The decline was worse than economists expected and February activity also was revised lower. Applications for building permits, considered a good barometer of future activity, also fell in March to an annual rate of 513,000 units, lower than the 550,000 economists expected.

The Labor Department also said an additional 2.1 million people were receiving benefits under an extended unemployment compensation program enacted by Congress last year, as of March 28, the latest data available. That provides an additional 20 to 33 weeks on top of the 26 weeks typically provided by the states.

Employers have cut 5.1 million jobs since the recession began in December 2007, as they try to slash costs while consumers and businesses spend less. The department said earlier this month that companies cut a net total of 663,000 jobs in March, sending the unemployment rate to 8.5 percent, the highest in 25 years.

The Federal Reserve expects the unemployment rate will probably "rise more steeply into early next year before flattening out at a high level over the rest of the year," according to minutes from the central bank's March meeting released earlier this month. Many private economists expect the rate will hit 10 percent by year's end.

Among the states, Michigan saw the largest jump in claims for the week ending April 4, an increase of more than 5,400 due to layoffs in the auto industry. Missouri, Texas, New Jersey and Pennsylvania reported the next largest increases.

California had the biggest drop in recipients of more than 4,700, which it said was due to a shorter work week and fewer layoffs in the trade and manufacturing industries. Ohio, Alabama, Florida and Wisconsin had the next largest drops.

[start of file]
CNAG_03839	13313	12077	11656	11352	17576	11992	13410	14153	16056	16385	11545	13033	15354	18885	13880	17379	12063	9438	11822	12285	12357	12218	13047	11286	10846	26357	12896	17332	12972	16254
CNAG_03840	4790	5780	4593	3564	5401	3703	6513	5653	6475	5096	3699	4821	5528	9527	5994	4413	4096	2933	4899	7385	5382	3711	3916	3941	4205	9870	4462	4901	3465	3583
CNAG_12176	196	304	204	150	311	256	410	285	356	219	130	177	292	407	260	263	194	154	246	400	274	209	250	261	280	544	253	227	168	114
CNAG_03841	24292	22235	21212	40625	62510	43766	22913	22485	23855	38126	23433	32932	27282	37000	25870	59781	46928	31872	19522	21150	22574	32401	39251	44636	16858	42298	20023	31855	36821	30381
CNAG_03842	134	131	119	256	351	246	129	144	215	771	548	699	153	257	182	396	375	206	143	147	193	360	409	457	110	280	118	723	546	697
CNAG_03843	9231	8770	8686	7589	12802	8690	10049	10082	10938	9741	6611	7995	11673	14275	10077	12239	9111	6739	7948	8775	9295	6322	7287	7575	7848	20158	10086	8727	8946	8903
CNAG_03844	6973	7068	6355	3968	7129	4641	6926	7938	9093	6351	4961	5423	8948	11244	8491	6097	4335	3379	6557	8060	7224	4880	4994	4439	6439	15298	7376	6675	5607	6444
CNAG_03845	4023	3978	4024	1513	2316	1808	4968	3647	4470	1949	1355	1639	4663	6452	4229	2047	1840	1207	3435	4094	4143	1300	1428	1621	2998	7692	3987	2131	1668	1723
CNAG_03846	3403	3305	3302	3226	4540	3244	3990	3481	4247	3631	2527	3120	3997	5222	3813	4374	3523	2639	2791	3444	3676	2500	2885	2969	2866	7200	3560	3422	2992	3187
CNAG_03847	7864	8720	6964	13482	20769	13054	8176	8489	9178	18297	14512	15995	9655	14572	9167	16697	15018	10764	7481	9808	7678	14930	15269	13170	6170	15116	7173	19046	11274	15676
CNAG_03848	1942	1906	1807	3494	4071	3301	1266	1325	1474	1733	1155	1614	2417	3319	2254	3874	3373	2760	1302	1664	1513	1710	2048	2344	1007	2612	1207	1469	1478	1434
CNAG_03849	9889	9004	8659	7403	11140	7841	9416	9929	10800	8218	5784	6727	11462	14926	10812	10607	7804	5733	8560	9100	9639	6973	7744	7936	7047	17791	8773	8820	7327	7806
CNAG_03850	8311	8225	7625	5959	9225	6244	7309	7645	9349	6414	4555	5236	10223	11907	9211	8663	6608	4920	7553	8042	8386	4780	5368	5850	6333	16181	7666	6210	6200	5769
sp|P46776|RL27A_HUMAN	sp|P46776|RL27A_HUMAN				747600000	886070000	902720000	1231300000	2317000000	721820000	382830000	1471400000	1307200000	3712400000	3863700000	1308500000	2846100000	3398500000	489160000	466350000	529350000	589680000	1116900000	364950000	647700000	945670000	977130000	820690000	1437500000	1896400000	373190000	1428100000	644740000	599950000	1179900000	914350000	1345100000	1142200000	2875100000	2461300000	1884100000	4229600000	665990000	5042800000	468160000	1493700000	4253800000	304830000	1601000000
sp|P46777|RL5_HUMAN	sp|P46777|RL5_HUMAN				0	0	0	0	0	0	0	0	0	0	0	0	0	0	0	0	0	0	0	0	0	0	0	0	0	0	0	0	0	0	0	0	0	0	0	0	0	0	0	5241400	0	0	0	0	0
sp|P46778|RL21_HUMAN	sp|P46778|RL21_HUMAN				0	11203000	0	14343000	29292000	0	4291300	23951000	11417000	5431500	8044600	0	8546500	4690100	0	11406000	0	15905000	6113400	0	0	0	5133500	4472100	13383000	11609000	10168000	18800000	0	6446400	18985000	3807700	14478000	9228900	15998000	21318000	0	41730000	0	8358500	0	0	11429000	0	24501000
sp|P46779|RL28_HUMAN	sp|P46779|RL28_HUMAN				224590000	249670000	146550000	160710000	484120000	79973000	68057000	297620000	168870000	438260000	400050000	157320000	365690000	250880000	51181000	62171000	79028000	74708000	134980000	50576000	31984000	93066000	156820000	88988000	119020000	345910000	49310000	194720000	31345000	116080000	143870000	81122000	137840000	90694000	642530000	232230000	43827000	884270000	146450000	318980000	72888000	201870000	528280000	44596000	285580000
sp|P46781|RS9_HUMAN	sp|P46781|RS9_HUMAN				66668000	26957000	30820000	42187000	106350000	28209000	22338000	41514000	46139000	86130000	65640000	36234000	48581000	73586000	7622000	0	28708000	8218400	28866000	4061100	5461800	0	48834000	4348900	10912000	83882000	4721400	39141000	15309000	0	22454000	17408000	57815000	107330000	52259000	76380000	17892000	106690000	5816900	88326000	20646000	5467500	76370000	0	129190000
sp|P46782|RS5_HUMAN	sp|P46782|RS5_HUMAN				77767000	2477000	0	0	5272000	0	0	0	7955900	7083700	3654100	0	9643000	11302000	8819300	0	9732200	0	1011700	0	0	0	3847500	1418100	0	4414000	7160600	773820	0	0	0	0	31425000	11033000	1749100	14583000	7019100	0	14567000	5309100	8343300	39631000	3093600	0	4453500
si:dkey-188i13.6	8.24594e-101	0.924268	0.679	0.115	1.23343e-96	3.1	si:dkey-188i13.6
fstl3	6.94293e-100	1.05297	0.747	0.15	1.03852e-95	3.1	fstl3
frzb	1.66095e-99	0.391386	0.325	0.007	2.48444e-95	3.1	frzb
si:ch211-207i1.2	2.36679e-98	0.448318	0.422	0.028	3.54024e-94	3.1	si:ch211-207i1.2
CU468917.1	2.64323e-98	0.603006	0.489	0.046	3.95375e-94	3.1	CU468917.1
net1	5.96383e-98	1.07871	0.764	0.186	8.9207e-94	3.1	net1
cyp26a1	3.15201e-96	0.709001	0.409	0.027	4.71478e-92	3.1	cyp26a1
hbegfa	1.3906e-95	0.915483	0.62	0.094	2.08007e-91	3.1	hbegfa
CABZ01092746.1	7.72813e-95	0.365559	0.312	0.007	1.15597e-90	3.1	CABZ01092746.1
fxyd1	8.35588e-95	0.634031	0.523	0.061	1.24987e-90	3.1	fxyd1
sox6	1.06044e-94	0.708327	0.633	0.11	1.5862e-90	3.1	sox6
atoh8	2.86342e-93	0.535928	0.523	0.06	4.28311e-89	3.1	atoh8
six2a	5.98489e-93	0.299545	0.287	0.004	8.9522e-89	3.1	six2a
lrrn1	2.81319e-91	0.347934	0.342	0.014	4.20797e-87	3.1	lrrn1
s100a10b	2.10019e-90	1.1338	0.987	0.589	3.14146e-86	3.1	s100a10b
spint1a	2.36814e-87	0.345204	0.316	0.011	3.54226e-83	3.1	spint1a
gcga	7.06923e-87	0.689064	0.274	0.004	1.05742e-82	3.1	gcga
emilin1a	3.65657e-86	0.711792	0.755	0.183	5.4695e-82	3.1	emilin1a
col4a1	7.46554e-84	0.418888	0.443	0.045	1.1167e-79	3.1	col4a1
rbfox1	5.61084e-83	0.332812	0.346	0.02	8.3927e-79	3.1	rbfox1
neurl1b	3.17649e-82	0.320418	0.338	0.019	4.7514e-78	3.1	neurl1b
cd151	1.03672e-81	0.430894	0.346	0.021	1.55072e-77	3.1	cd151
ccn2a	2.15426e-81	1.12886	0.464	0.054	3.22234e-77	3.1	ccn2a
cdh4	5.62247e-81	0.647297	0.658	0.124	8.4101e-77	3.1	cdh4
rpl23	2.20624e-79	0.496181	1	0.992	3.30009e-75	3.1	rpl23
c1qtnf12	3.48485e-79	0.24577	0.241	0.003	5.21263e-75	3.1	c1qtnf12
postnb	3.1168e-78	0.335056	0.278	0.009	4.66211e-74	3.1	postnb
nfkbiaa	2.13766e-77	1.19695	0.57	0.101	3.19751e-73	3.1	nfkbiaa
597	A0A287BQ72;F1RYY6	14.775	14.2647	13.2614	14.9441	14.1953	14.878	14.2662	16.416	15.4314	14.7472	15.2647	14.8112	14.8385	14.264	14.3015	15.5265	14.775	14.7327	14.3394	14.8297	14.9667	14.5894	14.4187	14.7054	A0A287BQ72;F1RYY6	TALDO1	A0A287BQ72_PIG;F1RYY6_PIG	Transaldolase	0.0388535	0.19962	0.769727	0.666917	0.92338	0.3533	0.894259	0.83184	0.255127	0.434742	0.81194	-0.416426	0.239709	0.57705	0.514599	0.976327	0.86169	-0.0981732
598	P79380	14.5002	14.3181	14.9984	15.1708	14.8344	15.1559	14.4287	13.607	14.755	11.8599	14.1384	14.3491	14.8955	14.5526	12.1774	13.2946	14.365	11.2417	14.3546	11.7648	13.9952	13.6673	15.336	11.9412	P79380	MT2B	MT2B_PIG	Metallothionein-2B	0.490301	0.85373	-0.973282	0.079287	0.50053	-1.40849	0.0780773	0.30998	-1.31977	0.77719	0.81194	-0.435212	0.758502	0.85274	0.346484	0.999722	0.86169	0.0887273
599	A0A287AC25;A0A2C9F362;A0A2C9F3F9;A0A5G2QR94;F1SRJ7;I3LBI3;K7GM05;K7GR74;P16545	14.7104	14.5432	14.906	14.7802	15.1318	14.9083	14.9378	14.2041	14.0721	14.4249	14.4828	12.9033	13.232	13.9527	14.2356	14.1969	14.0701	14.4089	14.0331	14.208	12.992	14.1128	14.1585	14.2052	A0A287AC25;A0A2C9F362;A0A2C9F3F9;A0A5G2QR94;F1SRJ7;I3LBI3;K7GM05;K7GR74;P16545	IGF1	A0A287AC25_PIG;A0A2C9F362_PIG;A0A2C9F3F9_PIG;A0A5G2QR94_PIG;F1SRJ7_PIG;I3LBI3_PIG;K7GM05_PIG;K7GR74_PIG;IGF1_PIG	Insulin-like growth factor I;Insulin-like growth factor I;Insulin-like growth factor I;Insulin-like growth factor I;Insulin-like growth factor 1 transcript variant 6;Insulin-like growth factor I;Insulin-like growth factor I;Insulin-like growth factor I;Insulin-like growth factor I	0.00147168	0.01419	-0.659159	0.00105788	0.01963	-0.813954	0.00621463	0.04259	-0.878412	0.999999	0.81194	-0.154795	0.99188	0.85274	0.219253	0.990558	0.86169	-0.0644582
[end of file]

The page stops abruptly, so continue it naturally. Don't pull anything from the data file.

More job losses were announced this week. UBS AG, Switzerland's largest bank, said it expects a first-quarter loss of about $1.75 billion and will cut 8,700 jobs worldwide by the end of next year. ArcelorMittal SA, the world's largest steel maker, said it will idle a plant in Indiana and lay off about 400 workers. Credit card company Discover Financial Services said it plans to cut 500 jobs next month, or 4 percent of its work force.

JPMorgan Chase posts better-than-expected profit

By MADLEN READ, AP Business Writer

NEW YORK – JPMorgan Chase said Thursday it earned $2.14 billion for the first quarter, thanks to a boost in trading activity and deposits. The profit was 10 percent lower than last year, but better than expected.

JPMorgan has not posted a quarterly loss since the financial crisis began.

Like other banks, JPMorgan's loans are still seeing defaults increase. Credit costs amounted to $10 billion, JPMorgan said.

But the company is benefiting from a jump in mortgage refinancing and deposits, as well as low interest rates. When a bank can borrow cheaply, it can profit more from lending.

It can also earn more from trading — like Goldman Sachs Group Inc., JPMorgan pulled in record revenue from trading in the fixed-income markets. Fixed-income markets revenue was a record $4.9 billion, and helped push the entire investment bank division's revenue to a record $8.3 billion.

JPMorgan says it earned $2.14 billion in the first quarter, or 40 cents per share, on record revenue of $26.9 billion. That's down from net income of $2.37 billion, or 67 cents per share, a year earlier. But analysts predicted a profit of 32 cents per share, according to Thomson Reuters.

The company's shares were up nearly 2 percent in pre-market trading.

The results came a week after another big bank, Wells Fargo, surprised investors by announcing a record $3 billion quarterly profit.

JPMorgan's earnings serve as the latest sign that while loan losses are surging across all regions and types of debt, low interest rates and an upturn in mortgage lending might help many banks offset those losses.

"It is reasonable to expect additional increases to credit reserves if the economic environment worsens," said CEO Jamie Dimon in a statement. "Yet, we are confident that even a highly adverse economic scenario would not compromise our overall strength and stability — or our ability to enhance our franchises."